The Moroccan government defends its quake response, but the king is little in evidence.

As public criticism mounted over the pace and efficiency of Morocco’s earthquake response, King Mohammed VI’s government issued its first public defense of the operation on Monday, saying the authorities had promptly addressed the disaster and were dedicating their efforts to rescue operations.

The powerful quake struck the High Atlas Mountains just outside of the major southern city of Marrakesh on Friday night, and killed nearly 2,500 people, according to the latest government figures. King Mohammed waited hours before making his first public statement on the disaster, and has made few since.

In hard-hit villages visited by reporters from The New York Times over the weekend, there was no sign of government rescue or aid operations, though some help had begun to arrive by Monday morning.

It was a government spokesman, Mustapha Baitas, who pushed back against the criticism of the aid efforts in a video posted on social media on Sunday night, addressing it for the first time since the disaster struck.

“From the first seconds this devastating earthquake occurred, and in following the instructions of His Royal Majesty, all civil and military authorities and medical staff, military and civil, have worked on the swift and effective intervention to rescue the victims and recover the bodies of the martyrs,” he said.

Mr. Baitas’s comments appeared aimed at showing the government was in control of the response. He went on to say that hundreds of doctors and nurses, as well as ambulances and medical equipment, had been sent to hospitals in quake-affected areas, adding that the government had approved the creation of a fund to receive aid donations.

Since the earthquake, the Moroccan government has been generally tight-lipped, offering little information about rescue efforts and providing infrequent updates on casualties.

In Morocco, power is concentrated in the king’s hands and when it comes to all important matters of state, such as the current crisis, it is the royal palace that calls the shots. This leaves other government institutions paralyzed, waiting for the king to take the lead on the big questions.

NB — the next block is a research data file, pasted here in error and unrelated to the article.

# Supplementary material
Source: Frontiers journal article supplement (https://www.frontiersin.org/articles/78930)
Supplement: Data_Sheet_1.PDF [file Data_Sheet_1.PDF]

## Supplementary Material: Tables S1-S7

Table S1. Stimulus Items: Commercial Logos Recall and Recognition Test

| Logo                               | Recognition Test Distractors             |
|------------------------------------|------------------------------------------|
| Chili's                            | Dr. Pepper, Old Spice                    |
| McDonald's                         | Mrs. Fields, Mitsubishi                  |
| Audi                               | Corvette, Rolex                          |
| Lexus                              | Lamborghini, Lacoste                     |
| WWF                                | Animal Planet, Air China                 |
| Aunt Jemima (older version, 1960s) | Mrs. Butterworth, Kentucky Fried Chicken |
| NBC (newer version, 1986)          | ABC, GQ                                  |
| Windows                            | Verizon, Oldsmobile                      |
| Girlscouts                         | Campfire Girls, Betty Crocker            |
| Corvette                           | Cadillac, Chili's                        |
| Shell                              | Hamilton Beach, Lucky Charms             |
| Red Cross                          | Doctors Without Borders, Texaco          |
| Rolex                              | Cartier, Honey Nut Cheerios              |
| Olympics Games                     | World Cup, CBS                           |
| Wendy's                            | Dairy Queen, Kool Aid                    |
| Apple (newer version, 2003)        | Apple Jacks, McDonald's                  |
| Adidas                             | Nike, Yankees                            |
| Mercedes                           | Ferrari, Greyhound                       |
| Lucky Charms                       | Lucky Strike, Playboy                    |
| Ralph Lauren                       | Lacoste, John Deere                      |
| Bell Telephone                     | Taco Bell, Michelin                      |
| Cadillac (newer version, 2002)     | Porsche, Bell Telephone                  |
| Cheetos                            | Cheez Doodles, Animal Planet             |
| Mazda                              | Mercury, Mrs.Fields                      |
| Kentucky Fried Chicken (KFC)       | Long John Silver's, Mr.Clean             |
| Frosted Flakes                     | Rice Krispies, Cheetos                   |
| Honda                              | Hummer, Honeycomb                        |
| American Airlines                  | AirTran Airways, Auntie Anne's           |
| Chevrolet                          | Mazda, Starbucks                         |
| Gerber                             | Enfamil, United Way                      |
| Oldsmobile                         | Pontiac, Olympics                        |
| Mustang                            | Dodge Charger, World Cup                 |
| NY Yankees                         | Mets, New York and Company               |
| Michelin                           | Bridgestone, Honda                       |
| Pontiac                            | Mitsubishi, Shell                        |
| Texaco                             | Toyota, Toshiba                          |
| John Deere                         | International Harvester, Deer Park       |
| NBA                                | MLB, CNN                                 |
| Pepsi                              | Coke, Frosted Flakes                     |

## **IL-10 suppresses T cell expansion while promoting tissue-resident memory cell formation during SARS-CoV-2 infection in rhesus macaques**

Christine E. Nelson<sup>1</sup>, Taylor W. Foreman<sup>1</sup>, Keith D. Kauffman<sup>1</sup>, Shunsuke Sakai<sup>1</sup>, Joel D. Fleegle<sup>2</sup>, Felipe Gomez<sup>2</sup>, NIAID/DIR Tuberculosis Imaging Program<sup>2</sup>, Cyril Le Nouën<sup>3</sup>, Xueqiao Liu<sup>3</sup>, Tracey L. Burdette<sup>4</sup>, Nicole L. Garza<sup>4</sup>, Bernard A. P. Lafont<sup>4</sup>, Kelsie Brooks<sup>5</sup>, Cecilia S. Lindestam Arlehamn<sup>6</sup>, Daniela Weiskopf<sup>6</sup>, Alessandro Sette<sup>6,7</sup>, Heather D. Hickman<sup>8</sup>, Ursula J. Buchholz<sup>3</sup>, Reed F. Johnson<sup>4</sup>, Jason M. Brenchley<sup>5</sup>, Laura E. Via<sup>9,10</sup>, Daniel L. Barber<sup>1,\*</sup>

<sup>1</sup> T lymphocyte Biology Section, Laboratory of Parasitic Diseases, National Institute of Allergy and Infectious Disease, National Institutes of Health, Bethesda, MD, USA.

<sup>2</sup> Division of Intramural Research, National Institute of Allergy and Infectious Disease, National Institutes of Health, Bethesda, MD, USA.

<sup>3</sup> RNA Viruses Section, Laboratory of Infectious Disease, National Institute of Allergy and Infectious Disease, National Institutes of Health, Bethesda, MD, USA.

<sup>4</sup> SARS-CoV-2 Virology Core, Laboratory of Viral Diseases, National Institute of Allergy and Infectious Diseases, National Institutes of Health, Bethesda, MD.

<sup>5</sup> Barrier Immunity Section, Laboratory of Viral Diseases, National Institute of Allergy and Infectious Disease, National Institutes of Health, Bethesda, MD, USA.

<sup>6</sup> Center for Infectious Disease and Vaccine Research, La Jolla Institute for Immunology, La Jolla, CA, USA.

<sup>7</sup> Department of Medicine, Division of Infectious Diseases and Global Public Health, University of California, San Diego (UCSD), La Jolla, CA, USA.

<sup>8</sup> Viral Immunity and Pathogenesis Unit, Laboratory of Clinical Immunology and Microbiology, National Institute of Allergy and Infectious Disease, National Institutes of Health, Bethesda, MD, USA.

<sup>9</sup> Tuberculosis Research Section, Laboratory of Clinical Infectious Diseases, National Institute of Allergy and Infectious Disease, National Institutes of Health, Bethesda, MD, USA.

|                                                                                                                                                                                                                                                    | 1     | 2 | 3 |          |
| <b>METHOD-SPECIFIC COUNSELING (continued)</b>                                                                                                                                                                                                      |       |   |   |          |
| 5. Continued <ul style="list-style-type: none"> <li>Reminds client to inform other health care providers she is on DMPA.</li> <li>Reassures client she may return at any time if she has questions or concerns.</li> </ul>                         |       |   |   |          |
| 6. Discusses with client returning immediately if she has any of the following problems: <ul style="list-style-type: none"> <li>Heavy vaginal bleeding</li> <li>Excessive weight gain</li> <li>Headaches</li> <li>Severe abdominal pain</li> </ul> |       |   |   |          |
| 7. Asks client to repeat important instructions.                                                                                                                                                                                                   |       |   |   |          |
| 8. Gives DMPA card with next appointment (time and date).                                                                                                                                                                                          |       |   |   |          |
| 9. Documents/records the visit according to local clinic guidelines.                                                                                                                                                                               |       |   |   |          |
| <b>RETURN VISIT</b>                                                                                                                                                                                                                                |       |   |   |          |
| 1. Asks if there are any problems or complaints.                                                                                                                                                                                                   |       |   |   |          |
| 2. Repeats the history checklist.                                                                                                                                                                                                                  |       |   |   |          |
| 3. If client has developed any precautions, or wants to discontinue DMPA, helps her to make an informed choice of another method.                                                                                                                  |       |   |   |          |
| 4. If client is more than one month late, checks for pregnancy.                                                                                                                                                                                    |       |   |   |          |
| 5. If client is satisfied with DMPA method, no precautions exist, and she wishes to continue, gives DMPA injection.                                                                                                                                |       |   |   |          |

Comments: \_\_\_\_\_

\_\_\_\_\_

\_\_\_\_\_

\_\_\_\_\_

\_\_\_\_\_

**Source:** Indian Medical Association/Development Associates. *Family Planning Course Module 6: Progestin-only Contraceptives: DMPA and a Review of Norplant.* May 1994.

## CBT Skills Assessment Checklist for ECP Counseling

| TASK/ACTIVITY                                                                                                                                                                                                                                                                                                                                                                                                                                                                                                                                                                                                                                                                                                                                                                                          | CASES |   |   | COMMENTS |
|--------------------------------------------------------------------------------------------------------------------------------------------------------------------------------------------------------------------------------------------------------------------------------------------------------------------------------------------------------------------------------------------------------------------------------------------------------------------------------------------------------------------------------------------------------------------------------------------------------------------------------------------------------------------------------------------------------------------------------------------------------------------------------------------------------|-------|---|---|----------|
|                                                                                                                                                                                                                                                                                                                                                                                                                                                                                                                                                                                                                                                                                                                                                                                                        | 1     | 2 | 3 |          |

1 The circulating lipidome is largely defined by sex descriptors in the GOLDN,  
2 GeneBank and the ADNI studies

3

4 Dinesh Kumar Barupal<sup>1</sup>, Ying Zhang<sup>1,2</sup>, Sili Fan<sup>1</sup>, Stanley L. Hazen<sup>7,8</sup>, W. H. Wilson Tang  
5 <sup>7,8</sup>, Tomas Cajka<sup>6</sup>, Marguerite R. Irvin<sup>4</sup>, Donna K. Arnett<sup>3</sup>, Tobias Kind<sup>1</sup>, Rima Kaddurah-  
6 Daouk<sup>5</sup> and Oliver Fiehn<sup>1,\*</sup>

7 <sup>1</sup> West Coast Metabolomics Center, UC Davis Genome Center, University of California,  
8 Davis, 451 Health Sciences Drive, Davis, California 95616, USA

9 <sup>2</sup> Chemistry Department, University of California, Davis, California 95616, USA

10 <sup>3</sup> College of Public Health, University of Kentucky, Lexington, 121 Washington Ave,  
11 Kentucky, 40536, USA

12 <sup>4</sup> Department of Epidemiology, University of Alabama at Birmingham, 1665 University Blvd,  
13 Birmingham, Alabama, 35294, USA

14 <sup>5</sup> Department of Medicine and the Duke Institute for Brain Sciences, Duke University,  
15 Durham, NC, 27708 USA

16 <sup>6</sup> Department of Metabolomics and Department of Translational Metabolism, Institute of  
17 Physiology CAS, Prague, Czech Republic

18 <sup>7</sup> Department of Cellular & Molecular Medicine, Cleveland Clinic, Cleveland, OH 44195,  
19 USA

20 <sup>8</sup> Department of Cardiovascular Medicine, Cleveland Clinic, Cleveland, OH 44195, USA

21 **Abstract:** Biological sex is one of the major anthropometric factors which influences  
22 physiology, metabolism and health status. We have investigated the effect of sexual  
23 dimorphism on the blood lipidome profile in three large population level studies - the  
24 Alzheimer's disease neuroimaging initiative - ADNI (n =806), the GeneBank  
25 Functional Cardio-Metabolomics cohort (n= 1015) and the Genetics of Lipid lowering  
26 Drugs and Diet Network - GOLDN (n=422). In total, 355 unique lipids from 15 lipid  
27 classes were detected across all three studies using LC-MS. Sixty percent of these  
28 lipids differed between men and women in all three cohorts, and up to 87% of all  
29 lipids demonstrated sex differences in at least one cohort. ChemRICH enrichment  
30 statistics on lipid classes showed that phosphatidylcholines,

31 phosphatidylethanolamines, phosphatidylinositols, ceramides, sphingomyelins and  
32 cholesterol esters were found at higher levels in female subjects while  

“Help was extremely late,” Fouad Abdelmoumni, a Moroccan economist, said on Monday. “The overwhelming majority of victims have had nothing to eat, and some nothing to drink, for 48 hours or more, including in areas accessible by roads that are still in good condition,” he added. “Clearly, waiting for the king to give his instructions from on high” had a lot to do with it.

“The fear of overshadowing the king keeps people from taking full action until he shows up, which is expected, but you never know when that will happen,” Mr. Abdelmoumni said. “The fear also of being snubbed for any initiative has led administration officials to refrain from any action that is not expressly sponsored by the palace.”

Samira Sitail, the former head of the news division at 2M, a state-run television channel, defended the king, saying over the weekend that some leaders “run their countries over Twitter and others differently.”

The kingdom’s leadership has traditionally been cautious about communications and is wary of conveying any messages that might call its competence into question. Since the earthquake struck, state media have gone heavy on images showing show the military’s involvement in aid efforts.

One highly sensitive issue is showing the country’s poverty; some of the areas heaviest hit by the quake are impoverished. Moroccan officials prefer the world to see the country’s modern airports, high-speed trains and glittery tourist resorts. That leaning is partly a matter of national pride and partly to attract foreign tourists, who descend by the millions every year and provide a vital source of revenue.

Some Moroccans said that the lack of communication around the earthquake reminded them of the pandemic, when the authorities were similarly frugal about disseminating critical information.

On the domestic front, King Mohammed is wary of unrest at home and largely does not tolerate criticism or dissent. During the Arab Spring uprisings that swept North Africa and the Middle East more than a decade ago, the king reacted swiftly to tamp down any rumblings of discontent. He amended the Constitution, giving more power to the elected prime minister, and took other steps to pacify the population.

More recently in 2016-2017, there were ripples of unrest in the northern Rif region of Morocco. The authorities tolerated protests for a few months, then cracked down harshly.

The pandemic brought Morocco’s vital tourism industry to a standstill, but it has been bouncing back recently with hotels filling up, and foreigners returning to tour and celebrate weddings. The government may be reluctant to project any images of chaos or insecurity that could scare those tourists away again.

The country’s leaders have also appeared to be slow in accepting offers of foreign aid and rescue teams, which is consistent with Morocco’s longstanding caution about who is allowed into the country.

Mr. Abdelmoumni, the economist, criticized “the arrogance with which Morocco has disdained the offers of aid from a hundred countries,” adding that “a positive and rapid response would certainly have saved lives and avoided misery.”

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